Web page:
Still dodging debris |

Still dodging debris

Valisa Higman
Valisa Higman/Special to the DailyTwo volunteers, Jennie and John, rested after gutting a house.

NEW ORLEANS ” Five miles to the Quarter ” five miles of houses without roofs, roofs without houses, lives strewn along the roadside.

It is hard to imagine, even here where I am surrounded by it.

In these flatlands there is no way to get a vantage point from which to see the scope of the destruction, so instead you see each house like a postcard picture, stark and poignant in itself, but so much more so when you consider that there are thousands just like it.

There are some I will never forget: A house that floated to the very edge of the road so you feel as if you’ll slam into its side as you descend from the bridge; or the tree with a water line burned into it, the top scorched and the bottom 10 feet left untouched.

Sometimes it’s not even worth going out. You want to escape for a moment, but instead you come face to face with the reality of Katrina’s wrath.

We take pictures to show the world. We send them out, like cries for help, but the only answers we get is our president in the French Quarter saying it looks just fine.

“Go east, Mr. President,” we plead, but he strolls down Bourbon Street smiling. “Go east,” we repeat, and the papers say this story is over. We are only five miles from the Quarter, only five miles, and no one cares ” as long as the world can drink their hand grenades and hurricanes, they would rather forget about our hurricane.

It’s clear when you ride through the mess of twisted homes, that this is so much bigger than we had ever planned for. This is almost nine months after, and still you dodge debris on dark and lonely streets.

Katrina’s magnitude magnified America’s need for a more diverse disaster response. The feeling that diversity is still needed has kept me down here. Frankly, I don’t feel that disaster relief should be a business, or a campaign issue.

I have been lucky enough to fall in with a group of people with the motivation and the know-how to create a new kind of disaster relief.

When you come into our camp you see what’s been missing. You see survivors and volunteers mingling in the dining are. You see fresh carrots, organic milk, and smoked chicken. You see sunflowers planted around the port-a-potties, and hearts painted on the signs.

People feed as much off the ambiance as they do the food. A woman looked at me one day and said, “You know what you guys are doing here? You’re preventing suicide.”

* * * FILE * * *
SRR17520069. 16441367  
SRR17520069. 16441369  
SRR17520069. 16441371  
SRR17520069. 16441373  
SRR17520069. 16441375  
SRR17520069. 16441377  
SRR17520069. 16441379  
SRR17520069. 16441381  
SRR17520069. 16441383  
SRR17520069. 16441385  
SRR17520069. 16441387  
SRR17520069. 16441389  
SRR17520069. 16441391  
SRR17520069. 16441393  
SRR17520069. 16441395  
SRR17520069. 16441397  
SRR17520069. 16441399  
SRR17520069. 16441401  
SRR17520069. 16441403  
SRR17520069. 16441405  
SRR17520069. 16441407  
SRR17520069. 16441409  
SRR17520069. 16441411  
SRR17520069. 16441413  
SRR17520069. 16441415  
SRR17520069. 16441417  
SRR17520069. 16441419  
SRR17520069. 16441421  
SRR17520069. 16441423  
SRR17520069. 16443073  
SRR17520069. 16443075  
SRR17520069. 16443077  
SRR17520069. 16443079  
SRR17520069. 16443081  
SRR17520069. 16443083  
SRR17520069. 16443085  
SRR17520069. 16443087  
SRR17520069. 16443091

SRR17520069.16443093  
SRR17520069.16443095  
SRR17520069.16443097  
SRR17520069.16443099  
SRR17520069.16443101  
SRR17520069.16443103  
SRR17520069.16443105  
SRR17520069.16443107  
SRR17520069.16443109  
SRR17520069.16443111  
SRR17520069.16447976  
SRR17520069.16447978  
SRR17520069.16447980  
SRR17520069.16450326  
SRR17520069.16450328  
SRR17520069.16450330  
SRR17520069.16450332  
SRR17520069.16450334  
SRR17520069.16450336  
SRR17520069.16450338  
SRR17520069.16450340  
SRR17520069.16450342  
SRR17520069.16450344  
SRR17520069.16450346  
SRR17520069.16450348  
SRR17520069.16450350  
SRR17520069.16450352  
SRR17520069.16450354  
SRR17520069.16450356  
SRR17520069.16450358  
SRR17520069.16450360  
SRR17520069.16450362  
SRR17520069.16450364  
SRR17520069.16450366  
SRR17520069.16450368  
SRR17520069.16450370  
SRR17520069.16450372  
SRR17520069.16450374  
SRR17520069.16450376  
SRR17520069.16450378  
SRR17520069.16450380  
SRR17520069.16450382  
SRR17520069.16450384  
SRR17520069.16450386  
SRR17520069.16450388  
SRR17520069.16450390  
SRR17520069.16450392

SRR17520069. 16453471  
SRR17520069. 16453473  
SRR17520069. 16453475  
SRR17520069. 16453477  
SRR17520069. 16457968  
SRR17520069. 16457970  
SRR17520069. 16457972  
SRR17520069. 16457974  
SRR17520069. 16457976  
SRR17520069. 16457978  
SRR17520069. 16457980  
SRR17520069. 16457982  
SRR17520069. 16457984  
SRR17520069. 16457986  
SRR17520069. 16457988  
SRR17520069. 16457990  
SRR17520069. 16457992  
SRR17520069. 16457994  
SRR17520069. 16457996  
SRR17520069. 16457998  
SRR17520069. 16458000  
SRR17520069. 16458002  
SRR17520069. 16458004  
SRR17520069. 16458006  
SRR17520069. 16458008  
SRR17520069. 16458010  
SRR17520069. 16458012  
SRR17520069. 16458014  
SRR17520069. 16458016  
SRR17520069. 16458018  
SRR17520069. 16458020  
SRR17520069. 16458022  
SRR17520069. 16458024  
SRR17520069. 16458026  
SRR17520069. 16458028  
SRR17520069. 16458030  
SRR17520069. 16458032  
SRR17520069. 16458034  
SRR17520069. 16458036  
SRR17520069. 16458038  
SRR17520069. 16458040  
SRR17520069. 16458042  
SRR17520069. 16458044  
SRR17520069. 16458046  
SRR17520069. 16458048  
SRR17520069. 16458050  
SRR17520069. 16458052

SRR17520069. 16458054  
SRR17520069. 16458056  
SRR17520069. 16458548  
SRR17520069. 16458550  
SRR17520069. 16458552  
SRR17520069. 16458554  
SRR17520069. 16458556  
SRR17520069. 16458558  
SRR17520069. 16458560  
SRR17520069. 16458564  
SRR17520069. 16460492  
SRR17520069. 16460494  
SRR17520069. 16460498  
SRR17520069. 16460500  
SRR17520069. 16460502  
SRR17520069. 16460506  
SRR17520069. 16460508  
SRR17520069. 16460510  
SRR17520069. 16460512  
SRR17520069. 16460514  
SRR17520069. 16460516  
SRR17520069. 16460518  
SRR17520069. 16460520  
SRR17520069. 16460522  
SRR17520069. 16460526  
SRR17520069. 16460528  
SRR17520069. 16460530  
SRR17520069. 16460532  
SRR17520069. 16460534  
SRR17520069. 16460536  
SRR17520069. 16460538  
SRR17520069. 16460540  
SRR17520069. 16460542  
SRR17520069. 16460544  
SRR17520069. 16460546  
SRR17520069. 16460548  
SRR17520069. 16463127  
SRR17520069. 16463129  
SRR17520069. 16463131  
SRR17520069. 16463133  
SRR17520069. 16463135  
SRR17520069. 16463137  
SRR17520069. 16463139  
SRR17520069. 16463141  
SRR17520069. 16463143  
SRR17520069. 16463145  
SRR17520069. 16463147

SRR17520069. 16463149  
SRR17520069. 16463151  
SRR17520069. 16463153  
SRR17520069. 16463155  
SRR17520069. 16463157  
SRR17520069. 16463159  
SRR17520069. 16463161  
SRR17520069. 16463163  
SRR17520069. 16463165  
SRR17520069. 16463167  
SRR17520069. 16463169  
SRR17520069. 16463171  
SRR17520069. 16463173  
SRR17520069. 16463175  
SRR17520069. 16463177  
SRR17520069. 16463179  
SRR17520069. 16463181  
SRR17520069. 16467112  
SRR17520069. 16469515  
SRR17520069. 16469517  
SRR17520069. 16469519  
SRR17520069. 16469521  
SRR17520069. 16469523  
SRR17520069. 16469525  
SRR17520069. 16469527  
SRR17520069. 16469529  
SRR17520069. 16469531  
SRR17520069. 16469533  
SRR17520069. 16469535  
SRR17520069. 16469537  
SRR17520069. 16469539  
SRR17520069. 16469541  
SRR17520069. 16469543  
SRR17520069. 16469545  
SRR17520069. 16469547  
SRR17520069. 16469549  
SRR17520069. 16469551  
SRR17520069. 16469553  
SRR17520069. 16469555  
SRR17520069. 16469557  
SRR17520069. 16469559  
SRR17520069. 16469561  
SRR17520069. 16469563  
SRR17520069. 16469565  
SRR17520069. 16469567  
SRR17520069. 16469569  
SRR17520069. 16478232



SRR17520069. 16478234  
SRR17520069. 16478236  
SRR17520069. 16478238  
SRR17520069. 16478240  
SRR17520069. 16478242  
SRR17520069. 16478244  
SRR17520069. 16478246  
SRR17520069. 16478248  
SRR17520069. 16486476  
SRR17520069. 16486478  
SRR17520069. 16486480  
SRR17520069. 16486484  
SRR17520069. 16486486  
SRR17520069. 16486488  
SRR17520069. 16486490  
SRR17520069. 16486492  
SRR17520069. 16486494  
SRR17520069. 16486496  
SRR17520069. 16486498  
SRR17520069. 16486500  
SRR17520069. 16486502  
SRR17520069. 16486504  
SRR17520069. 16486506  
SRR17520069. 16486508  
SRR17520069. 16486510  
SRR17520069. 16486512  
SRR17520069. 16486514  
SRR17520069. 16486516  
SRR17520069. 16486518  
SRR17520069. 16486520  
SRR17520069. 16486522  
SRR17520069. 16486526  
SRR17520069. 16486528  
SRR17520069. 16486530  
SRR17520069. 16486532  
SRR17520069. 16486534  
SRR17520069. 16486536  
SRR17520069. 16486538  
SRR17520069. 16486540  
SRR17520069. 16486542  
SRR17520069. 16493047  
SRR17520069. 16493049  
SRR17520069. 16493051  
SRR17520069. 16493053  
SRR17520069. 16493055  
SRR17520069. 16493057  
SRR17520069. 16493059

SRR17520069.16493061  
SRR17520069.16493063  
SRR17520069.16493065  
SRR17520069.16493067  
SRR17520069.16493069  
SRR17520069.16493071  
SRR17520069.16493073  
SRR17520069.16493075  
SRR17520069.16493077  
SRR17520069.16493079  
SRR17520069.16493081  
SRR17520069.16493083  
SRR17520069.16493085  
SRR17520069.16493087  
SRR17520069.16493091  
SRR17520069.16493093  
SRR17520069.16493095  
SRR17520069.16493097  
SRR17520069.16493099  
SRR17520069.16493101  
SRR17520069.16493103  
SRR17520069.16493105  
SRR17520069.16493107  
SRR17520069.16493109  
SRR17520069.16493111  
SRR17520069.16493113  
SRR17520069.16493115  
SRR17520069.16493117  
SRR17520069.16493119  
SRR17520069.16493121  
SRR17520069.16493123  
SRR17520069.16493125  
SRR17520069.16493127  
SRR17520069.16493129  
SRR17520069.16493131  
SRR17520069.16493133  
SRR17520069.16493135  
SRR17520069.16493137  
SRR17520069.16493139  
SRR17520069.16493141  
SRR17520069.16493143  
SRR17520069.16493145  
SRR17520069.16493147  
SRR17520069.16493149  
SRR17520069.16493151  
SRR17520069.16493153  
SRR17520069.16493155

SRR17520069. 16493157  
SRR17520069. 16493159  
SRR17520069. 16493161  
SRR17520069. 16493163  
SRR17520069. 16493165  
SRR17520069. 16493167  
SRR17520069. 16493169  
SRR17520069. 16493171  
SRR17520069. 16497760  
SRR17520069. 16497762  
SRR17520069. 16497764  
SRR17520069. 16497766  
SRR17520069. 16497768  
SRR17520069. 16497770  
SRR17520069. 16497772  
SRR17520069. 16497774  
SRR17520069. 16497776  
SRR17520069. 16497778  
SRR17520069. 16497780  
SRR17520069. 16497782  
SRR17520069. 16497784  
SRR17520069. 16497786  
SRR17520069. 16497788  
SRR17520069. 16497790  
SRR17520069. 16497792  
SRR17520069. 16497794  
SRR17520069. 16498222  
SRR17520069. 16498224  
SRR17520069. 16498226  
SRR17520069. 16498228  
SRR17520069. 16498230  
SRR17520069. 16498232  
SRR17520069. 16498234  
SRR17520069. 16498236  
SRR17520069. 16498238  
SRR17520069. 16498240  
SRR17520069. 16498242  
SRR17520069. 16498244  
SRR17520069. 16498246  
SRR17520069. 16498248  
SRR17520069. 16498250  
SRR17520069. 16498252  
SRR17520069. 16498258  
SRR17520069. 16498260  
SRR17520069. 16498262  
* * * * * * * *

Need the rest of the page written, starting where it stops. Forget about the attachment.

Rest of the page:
They come here for some reprieve from their struggles. Our kitchen has become a bright oasis in this bleak and torn landscape. And it isn’t just the flowers and the pretty signs, it’s the volunteers. Everyone feels free to express themselves.

I find myself smiling while I work, and that kind of light-heartedness spreads. Serving lunch a few days ago, an elderly resident offered me his plate and grinned. He said, “I don’t get to smile much these days, but I get here and I just can’t stop.”

There is so much hurt down here. It isn’t just a monetary loss. People have lost their sense of stability. With whole neighborhoods abandoned, people have lost their entire support network, including schools, churches and friends.

I know it’s hard to comprehend what these people are going through, but I hope that everyone can set down this paper and think about it for one moment.

Imagine your home destroyed; everyone you know scattered to various corners of the country. You have no car, no job, nothing.

You would be lucky if you didn’t lose someone close to you, if you didn’t suffer from any number of maladies due to exposure to flood water or mold.

These are the people of St. Bernard Parish and the Lower 9th Ward of New Orleans, and they just need to be remembered. Also remember that you can help. Volunteer. Learn more. Lend your support to any number of organizations that continue to serve these areas.

For more information on our style of disaster relief here at Emergency Communities see our Web site:

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